Can you imagine if an insurance company had a publicly stated goal to fully and promptly pay all benefits owed under an insurance policy? Can any insurance company attorney answer why their client does not have this goal or incentive for claims performance? Will any claims manager of an insurance company reply why this goal is never to be found? I expect that we will only hear crickets from the insurance company’s public relations propaganda team regarding the answers to these questions.

In a significant legal decision, a federal court recently ruled on a motion to compel discovery in the case of Barten v. State Farm Mutual Automobile Insurance Company, ordering State Farm to turn over documents related to its claims handling practices and financial incentives. 1 This ruling is pivotal in the ongoing discussion about transparency and accountability concerning how financial goals and incentives may influence claims decisions.

In 2012, Barten sued State Farm for breach of contract and insurance bad faith, a case that was ultimately settled. However, Barten alleges that State Farm has since reverted to bad faith practices, prompting him to file a second lawsuit. His current allegations include underpayment of benefits, ignored communications, and unreasonable requests for information.

Barten’s discovery requests fell into two main categories:

Documents Related to Claim Handling: This included the complete claim file, communications about Barten’s claim, and any relevant documents held by State Farm’s employees.

Information on Financial Incentives: Barten sought documents related to State Farm’s economic performance measures, goals, and incentives that might influence claims adjustors to deny claims.

State Farm objected on several grounds, including claims of irrelevance, overbreadth, undue burden, and issues of privilege. Specifically, State Farm argued that information regarding financial incentives was not relevant unless Barten could first make a prima facie case for punitive damages.

The court meticulously addressed each of State Farm’s objections:

Relevance: The court held that both categories of documents sought by Barten were relevant to his bad faith claim. Information about the handling of his claim was directly pertinent, while documents about financial incentives were relevant as they could show a motive for wrongful denials.

Temporal and Geographic Scope: The court limited the temporal scope of discovery to a five-year period prior to the filing of the lawsuit, finding this to be proportional to the needs of the case. However, it disagreed with State Farm’s geographic limitation, ruling that companywide policies and incentives were relevant regardless of the specific region handling Barten’s claim.

Form of Production: While State Farm objected to producing documents in their native electronic format, the court ruled that such production was reasonable and necessary for certain types of documents like emails.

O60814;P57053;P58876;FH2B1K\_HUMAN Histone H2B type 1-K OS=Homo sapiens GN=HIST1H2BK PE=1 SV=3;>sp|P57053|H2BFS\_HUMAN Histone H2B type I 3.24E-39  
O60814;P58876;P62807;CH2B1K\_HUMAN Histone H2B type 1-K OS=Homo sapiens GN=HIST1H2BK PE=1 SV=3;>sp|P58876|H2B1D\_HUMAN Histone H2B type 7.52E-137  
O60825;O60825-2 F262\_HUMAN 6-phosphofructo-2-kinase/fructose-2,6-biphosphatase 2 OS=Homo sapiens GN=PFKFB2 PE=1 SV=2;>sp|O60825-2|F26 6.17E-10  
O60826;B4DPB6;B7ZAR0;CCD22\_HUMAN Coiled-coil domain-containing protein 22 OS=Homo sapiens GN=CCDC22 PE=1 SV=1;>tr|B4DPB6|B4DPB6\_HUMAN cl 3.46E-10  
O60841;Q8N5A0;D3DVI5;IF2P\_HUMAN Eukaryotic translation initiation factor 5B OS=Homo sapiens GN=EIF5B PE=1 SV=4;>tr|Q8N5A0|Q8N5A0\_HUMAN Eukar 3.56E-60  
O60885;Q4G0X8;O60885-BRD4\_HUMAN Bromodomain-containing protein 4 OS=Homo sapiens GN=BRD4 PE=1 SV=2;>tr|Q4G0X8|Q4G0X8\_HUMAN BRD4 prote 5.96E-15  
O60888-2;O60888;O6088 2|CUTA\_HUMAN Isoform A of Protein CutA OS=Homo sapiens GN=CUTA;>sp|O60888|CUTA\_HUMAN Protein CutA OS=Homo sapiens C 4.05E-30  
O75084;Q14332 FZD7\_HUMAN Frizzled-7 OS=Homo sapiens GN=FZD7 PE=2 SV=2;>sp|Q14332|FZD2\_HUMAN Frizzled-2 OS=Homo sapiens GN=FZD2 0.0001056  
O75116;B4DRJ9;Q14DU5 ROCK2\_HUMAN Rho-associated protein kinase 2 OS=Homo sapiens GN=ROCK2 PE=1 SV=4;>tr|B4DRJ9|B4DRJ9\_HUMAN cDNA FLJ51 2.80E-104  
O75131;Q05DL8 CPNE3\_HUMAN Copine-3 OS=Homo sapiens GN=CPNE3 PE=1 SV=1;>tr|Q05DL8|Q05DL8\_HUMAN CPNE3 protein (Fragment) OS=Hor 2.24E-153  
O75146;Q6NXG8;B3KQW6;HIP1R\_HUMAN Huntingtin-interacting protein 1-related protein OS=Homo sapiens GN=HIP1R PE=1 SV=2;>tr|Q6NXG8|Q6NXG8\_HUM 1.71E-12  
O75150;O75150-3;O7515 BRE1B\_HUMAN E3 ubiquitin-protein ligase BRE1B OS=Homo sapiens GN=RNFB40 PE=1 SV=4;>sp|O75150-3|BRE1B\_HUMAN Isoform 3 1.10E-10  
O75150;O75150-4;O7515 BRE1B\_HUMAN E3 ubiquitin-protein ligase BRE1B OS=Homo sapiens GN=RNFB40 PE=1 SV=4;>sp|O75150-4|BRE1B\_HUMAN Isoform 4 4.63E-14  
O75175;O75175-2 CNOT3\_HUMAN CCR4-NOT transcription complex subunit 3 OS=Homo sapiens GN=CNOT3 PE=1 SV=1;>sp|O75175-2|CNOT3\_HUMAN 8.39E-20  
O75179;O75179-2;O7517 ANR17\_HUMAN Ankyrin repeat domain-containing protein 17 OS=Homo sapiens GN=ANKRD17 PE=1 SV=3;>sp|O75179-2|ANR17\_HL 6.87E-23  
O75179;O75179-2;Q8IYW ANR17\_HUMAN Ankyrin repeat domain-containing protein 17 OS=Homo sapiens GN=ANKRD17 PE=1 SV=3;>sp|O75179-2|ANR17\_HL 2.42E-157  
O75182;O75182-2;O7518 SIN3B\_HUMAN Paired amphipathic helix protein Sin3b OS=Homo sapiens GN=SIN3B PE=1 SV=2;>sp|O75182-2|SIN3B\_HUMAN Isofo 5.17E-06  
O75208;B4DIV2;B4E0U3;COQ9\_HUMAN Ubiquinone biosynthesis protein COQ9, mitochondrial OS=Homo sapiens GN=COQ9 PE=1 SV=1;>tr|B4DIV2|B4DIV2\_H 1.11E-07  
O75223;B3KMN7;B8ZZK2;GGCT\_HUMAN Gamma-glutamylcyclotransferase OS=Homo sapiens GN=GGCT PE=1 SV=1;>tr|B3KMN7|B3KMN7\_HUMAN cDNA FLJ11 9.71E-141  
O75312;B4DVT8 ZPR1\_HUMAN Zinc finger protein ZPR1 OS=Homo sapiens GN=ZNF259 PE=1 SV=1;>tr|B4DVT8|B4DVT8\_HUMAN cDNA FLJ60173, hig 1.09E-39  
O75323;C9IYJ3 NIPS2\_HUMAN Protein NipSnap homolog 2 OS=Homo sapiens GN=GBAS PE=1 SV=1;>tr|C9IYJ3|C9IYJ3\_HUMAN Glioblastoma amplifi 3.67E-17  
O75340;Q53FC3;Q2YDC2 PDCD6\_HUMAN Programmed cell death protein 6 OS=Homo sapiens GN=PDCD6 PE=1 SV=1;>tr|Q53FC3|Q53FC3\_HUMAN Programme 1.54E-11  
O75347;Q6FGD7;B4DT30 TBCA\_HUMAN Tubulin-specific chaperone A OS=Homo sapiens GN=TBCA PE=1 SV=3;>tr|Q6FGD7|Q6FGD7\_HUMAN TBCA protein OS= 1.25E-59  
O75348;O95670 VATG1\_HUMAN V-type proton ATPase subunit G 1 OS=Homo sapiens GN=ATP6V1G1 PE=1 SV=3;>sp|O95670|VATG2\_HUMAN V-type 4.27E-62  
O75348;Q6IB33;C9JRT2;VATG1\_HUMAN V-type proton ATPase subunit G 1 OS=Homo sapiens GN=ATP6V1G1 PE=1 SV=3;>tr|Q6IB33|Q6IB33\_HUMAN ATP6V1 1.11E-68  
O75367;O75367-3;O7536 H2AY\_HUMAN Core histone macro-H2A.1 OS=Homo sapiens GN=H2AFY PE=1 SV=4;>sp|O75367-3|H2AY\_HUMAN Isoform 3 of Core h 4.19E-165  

Boilerplate Objections: State Farm’s general objections regarding vagueness, undue burden, and privilege were largely overruled. The court emphasized that objections must be specific and substantiated, which State Farm failed to do in most instances.

This case underscores the importance of transparency and accountability in the insurance industry’s management of claims adjusters. By compelling State Farm to disclose documents related to their financial goals and incentives, the court highlighted how such information could be critical in proving or disproving allegations of bad faith. This case reaffirms the precedent that insurance companies cannot hide behind broad objections to avoid disclosing potentially damaging information and touches on the motivations of claims adjusters to fully and promptly pay claims.

From a public policy standpoint, this case decision represents a significant step toward ensuring that insurance companies are held accountable for their claims handling practices. By granting the motion to compel discovery, the court has reinforced the notion that financial incentives and internal goals within insurance companies must be transparent, especially when they potentially impact the fair treatment of policyholders. This case serves as a reminder that policyholders have the right to scrutinize the motivations behind their insurers’ decisions, bolstering the pursuit of justice in insurance disputes.

For those interested in this important topic, please read What Causes Bad Faith Claims Practices? One Reason Is Financial Incentives and Goals, and Why Should Property Insurance Claims Handling Training Programs, Processes and Incentives Be Secret?

Thought For The Day

Trust is the glue of life. It’s the most essential ingredient in effective communication. It’s the foundational principle that holds all relationships.
—Stephen R. Covey

1 Barten v. State Farm Mut. Auto. Ins. Co., No. 4:23-cv-00267 (D. Ariz. June 10, 2024).